PUBLISHED ON: 30/03/22

CATEGORY: Author process, Essays

Blue Woman (published by Weatherglass Books), is the fictional biography of a Welsh painter, Rose Hartwood. Her career is a long one, stretching from …

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Let Me Tell You What I Saw

Shara Atashi finds that the cruelty of war is a universal theme in this dual language Arabic-English long poem written by a soldier of the Iraq war, and makes broader comparisons with English and American war poetry and fiction

PUBLISHED ON: 30/03/22

CATEGORY: Essays, Reviews

The effect of this long poem (an abridged dual-language Arabic-English version of the 550-page poem ‘Uruk’s Anthem’) could be described as a shellshoc …

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Hafez and Jones: Poets United for Peace

Shara Atashi on the links between eighteenth-century polyglot William Jones and fourteenth-century Persian poet Hafez

PUBLISHED ON: 30/03/22

CATEGORY: Column

(Above) frieze at University College, Oxford chapel showing Sir William Jones taking notes from Hindi speakers and scholars, (top) roof of Hafez tomb …

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The Making – and Unmanning – of the Welsh Collier

A comparative history, a repackaged work of nonfiction and an essay collection provide a rich seam of reflections, writes Chris Moss in this feature-length review-essay

PUBLISHED ON: 30/03/22

CATEGORY: Essays, Reviews

MIners’ houses, Trealaw, Rhondda Valley by Isabel Alexander, from Miner’s Day.   Miner’s Day by BL Coombes, with illustrations [‘Rhondda images’] …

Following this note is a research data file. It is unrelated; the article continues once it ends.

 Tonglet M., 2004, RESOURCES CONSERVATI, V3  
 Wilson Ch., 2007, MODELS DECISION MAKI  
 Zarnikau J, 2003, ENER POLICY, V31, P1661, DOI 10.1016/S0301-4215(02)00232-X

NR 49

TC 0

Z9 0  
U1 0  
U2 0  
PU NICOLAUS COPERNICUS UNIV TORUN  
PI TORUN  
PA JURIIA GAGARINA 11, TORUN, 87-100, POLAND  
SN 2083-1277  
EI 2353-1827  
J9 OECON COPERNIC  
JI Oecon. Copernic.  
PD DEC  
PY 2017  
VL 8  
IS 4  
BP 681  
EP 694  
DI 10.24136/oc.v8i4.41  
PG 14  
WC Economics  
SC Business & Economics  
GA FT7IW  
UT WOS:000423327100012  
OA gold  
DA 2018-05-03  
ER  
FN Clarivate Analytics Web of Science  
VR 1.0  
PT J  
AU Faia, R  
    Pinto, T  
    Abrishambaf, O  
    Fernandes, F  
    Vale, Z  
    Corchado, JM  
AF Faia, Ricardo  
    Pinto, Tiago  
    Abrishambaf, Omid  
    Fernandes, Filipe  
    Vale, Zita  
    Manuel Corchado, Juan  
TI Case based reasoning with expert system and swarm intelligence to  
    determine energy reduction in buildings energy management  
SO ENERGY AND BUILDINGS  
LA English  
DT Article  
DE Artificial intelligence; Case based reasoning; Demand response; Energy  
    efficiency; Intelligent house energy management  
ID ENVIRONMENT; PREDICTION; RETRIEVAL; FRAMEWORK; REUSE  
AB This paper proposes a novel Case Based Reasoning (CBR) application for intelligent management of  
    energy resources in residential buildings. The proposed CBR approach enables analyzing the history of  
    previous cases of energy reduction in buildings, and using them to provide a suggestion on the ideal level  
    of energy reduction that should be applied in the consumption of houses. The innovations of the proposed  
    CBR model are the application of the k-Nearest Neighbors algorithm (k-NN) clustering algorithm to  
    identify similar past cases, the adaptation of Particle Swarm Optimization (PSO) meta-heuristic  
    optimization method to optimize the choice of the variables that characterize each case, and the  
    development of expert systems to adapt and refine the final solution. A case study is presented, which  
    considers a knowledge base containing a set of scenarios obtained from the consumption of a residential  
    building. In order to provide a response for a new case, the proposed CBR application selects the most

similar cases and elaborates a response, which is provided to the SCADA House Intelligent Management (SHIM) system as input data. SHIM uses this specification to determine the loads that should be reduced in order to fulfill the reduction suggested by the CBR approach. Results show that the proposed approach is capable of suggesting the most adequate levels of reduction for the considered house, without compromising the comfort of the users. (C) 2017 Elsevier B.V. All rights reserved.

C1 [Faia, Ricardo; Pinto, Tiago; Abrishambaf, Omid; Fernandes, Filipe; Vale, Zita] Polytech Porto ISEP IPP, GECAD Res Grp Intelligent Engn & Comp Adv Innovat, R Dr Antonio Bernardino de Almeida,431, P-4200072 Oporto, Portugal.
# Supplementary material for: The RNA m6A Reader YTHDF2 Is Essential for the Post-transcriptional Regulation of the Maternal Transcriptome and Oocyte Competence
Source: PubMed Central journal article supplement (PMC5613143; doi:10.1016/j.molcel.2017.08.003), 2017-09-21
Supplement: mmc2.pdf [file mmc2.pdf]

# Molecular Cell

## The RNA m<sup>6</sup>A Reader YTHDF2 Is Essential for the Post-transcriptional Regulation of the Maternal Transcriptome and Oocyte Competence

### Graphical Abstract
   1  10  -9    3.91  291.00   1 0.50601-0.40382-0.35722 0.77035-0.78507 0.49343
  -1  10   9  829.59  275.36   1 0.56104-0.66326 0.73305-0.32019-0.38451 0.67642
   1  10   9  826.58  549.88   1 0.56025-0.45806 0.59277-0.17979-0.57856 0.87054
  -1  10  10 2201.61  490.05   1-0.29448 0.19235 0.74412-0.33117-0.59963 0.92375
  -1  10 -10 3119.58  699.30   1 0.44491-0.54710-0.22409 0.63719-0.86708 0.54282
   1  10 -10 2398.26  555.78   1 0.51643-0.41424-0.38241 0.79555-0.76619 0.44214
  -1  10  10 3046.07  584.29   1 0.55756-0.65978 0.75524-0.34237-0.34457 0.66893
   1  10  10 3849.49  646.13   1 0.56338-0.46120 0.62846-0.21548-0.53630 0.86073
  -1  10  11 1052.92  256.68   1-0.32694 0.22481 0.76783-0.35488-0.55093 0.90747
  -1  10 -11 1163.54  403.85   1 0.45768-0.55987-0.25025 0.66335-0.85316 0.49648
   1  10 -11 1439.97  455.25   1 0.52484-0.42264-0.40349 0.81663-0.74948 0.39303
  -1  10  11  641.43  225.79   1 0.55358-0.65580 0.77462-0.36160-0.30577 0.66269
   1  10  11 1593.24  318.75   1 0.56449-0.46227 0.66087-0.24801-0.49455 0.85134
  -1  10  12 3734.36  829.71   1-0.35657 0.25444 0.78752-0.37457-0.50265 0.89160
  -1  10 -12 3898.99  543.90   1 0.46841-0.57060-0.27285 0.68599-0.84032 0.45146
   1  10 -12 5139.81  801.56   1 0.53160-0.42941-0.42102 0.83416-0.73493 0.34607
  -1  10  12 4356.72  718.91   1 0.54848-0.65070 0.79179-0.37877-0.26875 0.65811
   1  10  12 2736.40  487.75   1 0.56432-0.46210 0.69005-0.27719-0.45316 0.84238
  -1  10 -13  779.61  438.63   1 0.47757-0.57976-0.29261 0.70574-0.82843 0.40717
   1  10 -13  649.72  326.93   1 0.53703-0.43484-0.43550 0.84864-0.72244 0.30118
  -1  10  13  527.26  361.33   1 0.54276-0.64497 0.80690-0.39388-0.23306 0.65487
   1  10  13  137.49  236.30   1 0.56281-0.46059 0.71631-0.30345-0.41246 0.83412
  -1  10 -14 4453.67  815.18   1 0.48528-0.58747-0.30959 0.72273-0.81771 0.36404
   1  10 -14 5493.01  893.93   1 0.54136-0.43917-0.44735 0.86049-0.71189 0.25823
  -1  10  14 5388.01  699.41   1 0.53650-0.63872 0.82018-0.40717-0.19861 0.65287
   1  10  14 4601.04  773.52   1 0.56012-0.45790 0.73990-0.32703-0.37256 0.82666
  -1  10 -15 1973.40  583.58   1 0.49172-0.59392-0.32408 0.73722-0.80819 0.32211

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The Listening Project

Ed Garland is inspired by a hybrid form of fiction built from and creatively perceived through restricted signals, exploring varieties of listening and sensory experience

PUBLISHED ON: 01/03/22

CATEGORY: Reviews

The Listening Project follows the life of a woman called Imogen, whose difficulties arise both from her hearing loss and from family tensions over her …

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The Bloodless Boy

This meticulously researched Restoration whodunit has prescient themes of extremist politics, political instability and corruption at the highest level, writes Liz Jones

PUBLISHED ON: 01/03/22

CATEGORY: Reviews

London, New Year’s Day 1678, twelve years after the Great Fire and eighteen since the fall of Oliver Cromwell’s republic and the restoration of the mo …

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Smooth Operator: The Life and Times of Cyril Lakin, Editor, Broadcaster and Politician

Despite its subject being un-flamboyant, Liz Jones finds fascinating this biography of a clubbable proponent of thoughtful conservativism who became the literary editor of the Sunday Times and the Daily Telegraph

PUBLISHED ON: 01/03/22

CATEGORY: Reviews

At first glance, this biography of Conservative MP Cyril Lakin appears an unlikely project for author and chronicler of the British Communist Party, G …